August 3, 2002 - New York Times: Attacks on Peace Corps Volunteers Found Rising

Peace Corps Online: Peace Corps News: Peace Corps Library: Special Reports: July 25, 2002 - GAO Reports on Safety and Security of Volunteers: August 3, 2002 - New York Times: Attacks on Peace Corps Volunteers Found Rising

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Attacks on Peace Corps Volunteers Found Rising

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Attacks on Peace Corps Volunteers Found Rising*

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Attacks on Peace Corps Volunteers Found Rising


WASHINGTON, Aug. 3 Reported assaults on Peace Corps volunteers abroad more than doubled over the last decade, and organizational problems in the agency may be limiting its ability to ensure volunteers' safety, a study by the General Accounting Office has found.

President Bush has proposed doubling the size of the Peace Corps, to 15,000 volunteers, and expanding its presence to dangerous countries, including Afghanistan.

Critics say that since Sept. 11 Americans abroad face increased risks and that expanding the Peace Corps presence might put volunteers in harm's way.

"I've been to Afghanistan, and it's a dangerous place for a young person," said Representative Martin T. Meehan, Democrat of Massachusetts, who requested the accounting office report after a volunteer from his district, Walter J. Poirier, 22, of Lowell, disappeared in February 2001. Mr. Poirier was working on a tourism project in the Zongo Valley in Bolivia, three hours from La Paz.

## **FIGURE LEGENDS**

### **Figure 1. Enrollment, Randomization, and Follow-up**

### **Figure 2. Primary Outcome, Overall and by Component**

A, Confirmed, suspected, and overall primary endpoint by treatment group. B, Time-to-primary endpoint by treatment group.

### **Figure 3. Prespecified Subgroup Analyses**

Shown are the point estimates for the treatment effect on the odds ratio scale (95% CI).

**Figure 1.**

Four volunteers have been killed since 1997.

In a letter to Mr. Meehan last year, Robert H. Hast, managing director of the G.A.O.'s Office of Special Investigations, said although Mr. Poirier had failed to follow procedures for new volunteers, apparently failing to register his housing arrangements, the Peace Corps associate director in the region had essentially "lost track" of him.

Incidents of "major physical assault" on volunteers, attacks with weapons or injuries, rose to 17 per 1,000 in 2000, up from 8 in 1991, the report said. In addition, "major sexual assaults," including rape, fluctuated in that period, with a high of 12 in 1997 and a low of 8 in 1995.

Peace Corps officials attribute some of the increase in reported assaults to more reliable data collection. They say the agency began new safety measures last year, including adding security officers and improved training.

The full extent of violence against volunteers may be significantly higher because many crimes go unreported, the report said. The report suggested that organizational problems in the Peace Corps were most likely worsening the problem. A five-year employment limit for supervisors, intended to keep the agency innovative, has resulted in "a situation in which the agency staff are continually `reinventing the wheel,' " the report said.

The report also found that directors in the 70 or so nations that have invited the Peace Corps were largely autonomous, complicating the task of keeping tabs on volunteers and ensuring safety. Most volunteers, Peace Corps officials said, are in isolated locations.

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